Dillon Valley residents oppose new development, worry it will add to density, speed problems | SummitDaily.com
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Dillon Valley residents oppose new development, worry it will add to density, speed problems

A sign asks drivers to slow down as they approach the intersection of Straight Creek Drive and Deer Path Road on Saturday, June 27. Some Dillon Valley residents worry a the 12-unit Dillon Valley Vistas development will make congestion and traffic problems at the intersection worse.
Libby Stanford / estanford@summitdaily.com

DILLON — Neighbors of Dillon Valley Vistas are growing increasingly concerned that the new workforce-housing development will create traffic and density problems in an already packed neighborhood.

Summit County held a groundbreaking ceremony for the 12-unit development on Monday, June, 22, and crews have already started on constructing the foundation for the homes. However, neighboring Dillon Valley homeowners are worried the homes will create more traffic at an already busy intersection. 

The development is located on the intersection of Straight Creek Drive and Deer Path Road, which is sandwiched between two stop signs. Homeowners who live near the intersection say cars often roll through the stop signs or go very fast.

“It’s located on the busiest road where cars go really fast in Dillon Valley,” said Emily Mulica, who owns a home on Deer Path Road. 

Mulica’s biggest concern is for the safety of her elementary-aged kids. Dillon Valley doesn’t have any sidewalks or paths. Since she first moved to her home in 2011, more families have come to the neighborhood. 

“Now there’s four to five families just on my street with elementary-aged kids,” she said. “It’s hard. Most people slow down when they see a pedestrian or a kid, but there are plenty who don’t.”

Some Dilllon Valley residents are opposed to the new Dillon Valley Vistas development, which they say will create more traffic on the intersection of Straight Creek Drive and Deer Path Road.
Libby Stanford / estanford@summitdaily.com

This isn’t the first time concerns about traffic and safety in Dillon Valley have come up.

In 2017, Mulica and her neighbors created a group called “Walkable Dillon Valley.” According to the Facebook group’s description, it aimed to implement traffic calming measures to slow cars down; connect the neighborhood to existing bike paths and townships; and turn the space that is now being used for Dillon Valley Vistas into a community lot.

Housing Director Jason Dietz said the county is aware of neighborhood concerns. When the county was in the beginning phases of the project it held a meeting for the community at Dillon Valley Elementary, where some neighbors expressed their desire for a community gathering space instead of more housing. 

“There was a wide spectrum of support and dislike to the development in the conceptual stage,” Dietz said. “Even during all the public meetings there was a group that did not want to see housing there.”

Mulica isn’t the only neighbor disappointed in the outcome of the development. Many neighbors commented on a Summit County government Facebook post about the groundbreaking.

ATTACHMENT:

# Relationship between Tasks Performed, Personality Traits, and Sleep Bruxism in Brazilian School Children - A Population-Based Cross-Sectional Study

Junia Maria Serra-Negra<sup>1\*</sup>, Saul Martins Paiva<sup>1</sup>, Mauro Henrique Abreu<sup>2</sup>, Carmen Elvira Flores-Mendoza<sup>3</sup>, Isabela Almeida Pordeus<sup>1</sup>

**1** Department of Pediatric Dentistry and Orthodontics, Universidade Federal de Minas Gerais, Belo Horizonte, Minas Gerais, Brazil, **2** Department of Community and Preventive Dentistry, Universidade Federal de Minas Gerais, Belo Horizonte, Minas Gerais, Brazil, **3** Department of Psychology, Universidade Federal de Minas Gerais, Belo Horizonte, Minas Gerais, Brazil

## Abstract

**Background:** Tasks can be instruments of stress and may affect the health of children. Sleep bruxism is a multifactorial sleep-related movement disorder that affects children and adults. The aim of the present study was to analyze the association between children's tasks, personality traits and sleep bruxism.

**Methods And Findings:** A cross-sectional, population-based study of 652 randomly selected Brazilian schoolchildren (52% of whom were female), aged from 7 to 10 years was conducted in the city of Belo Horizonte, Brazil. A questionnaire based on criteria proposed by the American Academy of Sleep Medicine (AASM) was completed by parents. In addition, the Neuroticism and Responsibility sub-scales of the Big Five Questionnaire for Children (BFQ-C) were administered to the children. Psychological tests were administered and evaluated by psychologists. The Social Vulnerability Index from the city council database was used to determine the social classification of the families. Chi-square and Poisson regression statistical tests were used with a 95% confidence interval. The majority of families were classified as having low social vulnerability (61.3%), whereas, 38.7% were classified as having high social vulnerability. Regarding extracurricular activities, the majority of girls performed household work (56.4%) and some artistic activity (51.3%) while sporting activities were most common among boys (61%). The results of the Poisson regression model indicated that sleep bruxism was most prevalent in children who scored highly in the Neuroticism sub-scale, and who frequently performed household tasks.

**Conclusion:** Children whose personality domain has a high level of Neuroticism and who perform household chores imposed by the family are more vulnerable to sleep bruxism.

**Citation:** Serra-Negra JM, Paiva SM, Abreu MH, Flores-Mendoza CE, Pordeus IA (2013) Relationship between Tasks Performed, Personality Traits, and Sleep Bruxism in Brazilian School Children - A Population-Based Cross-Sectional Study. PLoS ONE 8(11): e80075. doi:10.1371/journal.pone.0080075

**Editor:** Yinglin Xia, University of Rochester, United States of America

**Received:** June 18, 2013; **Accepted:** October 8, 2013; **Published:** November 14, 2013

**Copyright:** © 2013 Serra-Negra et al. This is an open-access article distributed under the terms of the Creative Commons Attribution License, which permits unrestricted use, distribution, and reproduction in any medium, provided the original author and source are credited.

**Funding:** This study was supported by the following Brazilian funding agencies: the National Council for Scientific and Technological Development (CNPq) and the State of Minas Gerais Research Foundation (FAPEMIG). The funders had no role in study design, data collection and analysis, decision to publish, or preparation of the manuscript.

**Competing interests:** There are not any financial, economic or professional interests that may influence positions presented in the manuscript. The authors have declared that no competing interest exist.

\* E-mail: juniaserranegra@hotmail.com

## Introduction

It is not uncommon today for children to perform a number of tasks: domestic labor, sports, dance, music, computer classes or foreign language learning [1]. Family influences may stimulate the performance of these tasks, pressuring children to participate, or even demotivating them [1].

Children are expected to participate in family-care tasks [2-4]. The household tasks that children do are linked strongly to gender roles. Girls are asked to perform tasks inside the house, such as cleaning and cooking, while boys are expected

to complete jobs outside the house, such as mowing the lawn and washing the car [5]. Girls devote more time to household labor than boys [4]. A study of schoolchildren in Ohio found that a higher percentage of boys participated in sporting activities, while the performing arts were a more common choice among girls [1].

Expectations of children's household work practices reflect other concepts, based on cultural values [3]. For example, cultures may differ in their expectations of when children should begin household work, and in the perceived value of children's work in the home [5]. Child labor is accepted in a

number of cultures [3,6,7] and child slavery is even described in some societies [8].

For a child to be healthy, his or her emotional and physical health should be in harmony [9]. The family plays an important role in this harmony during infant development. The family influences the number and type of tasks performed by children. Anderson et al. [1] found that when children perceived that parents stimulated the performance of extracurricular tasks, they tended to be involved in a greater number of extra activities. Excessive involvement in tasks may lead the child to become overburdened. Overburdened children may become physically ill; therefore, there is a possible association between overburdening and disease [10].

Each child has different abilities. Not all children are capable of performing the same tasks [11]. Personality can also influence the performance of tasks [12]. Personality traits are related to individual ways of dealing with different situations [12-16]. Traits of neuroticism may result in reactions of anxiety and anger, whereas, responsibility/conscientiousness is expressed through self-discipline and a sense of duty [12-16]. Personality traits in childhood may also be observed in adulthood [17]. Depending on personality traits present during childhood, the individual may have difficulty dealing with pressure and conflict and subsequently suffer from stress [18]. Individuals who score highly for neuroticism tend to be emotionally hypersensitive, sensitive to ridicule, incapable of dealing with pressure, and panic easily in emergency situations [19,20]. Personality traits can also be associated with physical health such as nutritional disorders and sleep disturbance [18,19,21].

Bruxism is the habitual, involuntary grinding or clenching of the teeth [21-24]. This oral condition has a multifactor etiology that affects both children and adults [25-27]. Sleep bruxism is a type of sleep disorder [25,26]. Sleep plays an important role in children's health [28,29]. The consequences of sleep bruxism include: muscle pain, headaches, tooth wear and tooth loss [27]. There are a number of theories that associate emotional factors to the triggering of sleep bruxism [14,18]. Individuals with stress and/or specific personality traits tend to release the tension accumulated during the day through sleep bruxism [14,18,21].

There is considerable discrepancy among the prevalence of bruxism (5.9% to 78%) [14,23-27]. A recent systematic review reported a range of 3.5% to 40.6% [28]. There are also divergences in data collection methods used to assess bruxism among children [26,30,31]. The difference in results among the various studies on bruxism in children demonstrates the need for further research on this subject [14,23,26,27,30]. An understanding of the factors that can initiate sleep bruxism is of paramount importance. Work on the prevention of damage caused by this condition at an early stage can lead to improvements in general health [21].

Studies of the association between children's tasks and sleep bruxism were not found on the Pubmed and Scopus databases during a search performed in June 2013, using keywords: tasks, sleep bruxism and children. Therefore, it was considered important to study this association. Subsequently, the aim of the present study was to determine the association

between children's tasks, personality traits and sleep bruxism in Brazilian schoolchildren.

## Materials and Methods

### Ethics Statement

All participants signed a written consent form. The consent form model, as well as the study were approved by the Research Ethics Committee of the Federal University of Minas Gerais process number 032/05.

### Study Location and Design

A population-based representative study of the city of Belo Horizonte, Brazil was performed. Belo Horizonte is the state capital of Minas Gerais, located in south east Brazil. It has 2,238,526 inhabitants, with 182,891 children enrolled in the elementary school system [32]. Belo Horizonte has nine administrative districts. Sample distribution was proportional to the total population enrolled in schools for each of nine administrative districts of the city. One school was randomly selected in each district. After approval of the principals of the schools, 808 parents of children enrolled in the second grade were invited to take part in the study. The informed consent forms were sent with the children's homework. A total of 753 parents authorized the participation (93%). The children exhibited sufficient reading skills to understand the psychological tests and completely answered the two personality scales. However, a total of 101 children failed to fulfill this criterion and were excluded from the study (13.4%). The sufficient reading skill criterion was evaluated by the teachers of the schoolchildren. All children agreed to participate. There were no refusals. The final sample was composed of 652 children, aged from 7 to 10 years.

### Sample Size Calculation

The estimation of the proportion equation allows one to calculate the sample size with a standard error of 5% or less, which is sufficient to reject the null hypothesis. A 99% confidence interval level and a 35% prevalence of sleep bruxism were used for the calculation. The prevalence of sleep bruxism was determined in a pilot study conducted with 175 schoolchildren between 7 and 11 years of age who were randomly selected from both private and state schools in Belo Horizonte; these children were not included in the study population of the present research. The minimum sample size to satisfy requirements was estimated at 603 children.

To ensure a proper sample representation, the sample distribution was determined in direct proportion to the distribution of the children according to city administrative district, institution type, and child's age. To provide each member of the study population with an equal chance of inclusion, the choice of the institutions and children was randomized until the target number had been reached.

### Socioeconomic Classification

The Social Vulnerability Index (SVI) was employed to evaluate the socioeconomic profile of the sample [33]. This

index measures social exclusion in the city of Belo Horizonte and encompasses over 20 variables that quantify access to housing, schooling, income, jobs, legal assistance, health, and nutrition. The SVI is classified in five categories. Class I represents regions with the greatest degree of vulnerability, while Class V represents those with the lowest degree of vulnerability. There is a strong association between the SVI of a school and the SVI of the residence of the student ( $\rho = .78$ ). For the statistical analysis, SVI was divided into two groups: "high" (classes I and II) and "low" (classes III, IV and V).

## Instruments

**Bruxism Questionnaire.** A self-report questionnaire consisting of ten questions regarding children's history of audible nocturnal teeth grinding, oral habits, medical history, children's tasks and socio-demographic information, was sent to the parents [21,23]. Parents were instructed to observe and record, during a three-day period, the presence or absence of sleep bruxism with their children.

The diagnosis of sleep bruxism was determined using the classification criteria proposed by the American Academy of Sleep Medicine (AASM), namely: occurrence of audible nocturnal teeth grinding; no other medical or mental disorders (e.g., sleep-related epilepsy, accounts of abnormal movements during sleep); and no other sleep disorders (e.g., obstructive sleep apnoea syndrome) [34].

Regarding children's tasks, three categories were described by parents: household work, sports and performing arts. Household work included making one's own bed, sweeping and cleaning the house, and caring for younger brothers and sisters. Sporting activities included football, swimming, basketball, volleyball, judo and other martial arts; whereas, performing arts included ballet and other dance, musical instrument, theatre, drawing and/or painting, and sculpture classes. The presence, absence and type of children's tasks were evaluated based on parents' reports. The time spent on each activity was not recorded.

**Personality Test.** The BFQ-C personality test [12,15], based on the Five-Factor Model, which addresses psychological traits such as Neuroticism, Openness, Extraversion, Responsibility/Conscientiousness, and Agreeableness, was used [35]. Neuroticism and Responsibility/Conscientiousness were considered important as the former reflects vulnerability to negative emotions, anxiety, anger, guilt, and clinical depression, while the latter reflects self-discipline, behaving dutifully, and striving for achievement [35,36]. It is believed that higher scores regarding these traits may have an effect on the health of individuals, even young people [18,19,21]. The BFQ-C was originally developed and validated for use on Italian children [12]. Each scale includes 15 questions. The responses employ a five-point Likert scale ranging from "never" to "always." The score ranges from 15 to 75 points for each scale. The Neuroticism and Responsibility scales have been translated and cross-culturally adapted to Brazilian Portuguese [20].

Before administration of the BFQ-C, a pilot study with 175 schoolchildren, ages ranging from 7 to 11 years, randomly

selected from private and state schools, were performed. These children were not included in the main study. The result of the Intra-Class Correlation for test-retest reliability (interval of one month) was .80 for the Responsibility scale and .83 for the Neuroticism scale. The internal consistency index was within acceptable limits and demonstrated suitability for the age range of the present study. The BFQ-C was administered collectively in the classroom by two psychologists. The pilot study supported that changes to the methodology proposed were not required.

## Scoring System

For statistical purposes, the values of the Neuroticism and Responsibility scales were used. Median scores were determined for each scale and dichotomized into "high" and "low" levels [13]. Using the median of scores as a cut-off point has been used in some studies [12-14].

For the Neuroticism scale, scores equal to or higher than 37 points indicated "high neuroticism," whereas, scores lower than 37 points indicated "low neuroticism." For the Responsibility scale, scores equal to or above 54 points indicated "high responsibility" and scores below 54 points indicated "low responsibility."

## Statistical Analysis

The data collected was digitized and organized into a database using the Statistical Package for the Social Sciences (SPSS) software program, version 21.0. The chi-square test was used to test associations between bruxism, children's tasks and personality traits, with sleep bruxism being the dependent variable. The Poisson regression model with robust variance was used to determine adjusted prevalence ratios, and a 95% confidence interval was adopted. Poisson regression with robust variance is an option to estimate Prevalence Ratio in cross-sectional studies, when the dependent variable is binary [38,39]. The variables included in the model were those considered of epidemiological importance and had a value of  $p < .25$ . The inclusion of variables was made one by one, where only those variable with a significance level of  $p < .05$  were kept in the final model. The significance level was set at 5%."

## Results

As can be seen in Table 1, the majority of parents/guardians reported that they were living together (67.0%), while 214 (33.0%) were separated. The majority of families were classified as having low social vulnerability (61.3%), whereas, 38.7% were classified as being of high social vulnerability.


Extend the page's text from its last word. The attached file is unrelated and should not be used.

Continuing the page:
“As a homeowner on Straight Creek Drive I am very disappointed that more traffic will be added to our streets with no safe sidewalks,” Erica Currey commented. “School bus stops are along Straight Creek Drive and I am sure that the residents that will move in there will also be adding to the amount of traffic traveling straight creek to the school.”

Other neighbors said they would have liked to see the plot of land, which was formerly home to Our Lady of Peace Catholic Church, be used as a community space. 

“It’s incredibly unfortunate that the county chose this option instead of open space/park/playground that would benefit current residents,” Julie Andrews commented. “Now we will have an increase in traffic and still have no safe option for our children to ride their bikes in most of Dillon Valley.”

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Dietz said the county was unable to use the plot for a community space like a park because it does not have a parks department or budget for one. The county also doesn’t manage sidewalks, another request from the Dillon Valley neighborhood. 

“(The county doesn’t have) the funding mechanism or structure in place to maintain parks or a sidewalk,” he said. “It could be done through a local improvement district, but the county, just stand alone as itself, does not have that, where other people’s tax dollars will be paying for someone else’s park or open space.”

Mulica said the neighborhood has considered applying for a local improvement district but the funds aren’t there.

“Frankly, we don’t really have the resources to launch an effort like that,” she said. 

Mulica said the county has often ignored her concerns about safety in the neighborhood. 

“In the past when we have requested help getting cars to slow down or increasing the safety for pedestrians and cyclists and kids, they have routinely said ‘we’re not in the business of neighborhoods, we’re a rural county government,’” she said. “With this development they have now entered the business of building neighborhoods.”

Dietz said the county is having group meetings with Dillon Valley residents to hear their concerns. The county also brought on Kate Berg, a private planning consultant, to work with the community. 

“(She will) work with the community and hear their needs and try to find solutions of how we can improve walkability, neighborhood attachment, with the county resources that are available,” he said. 


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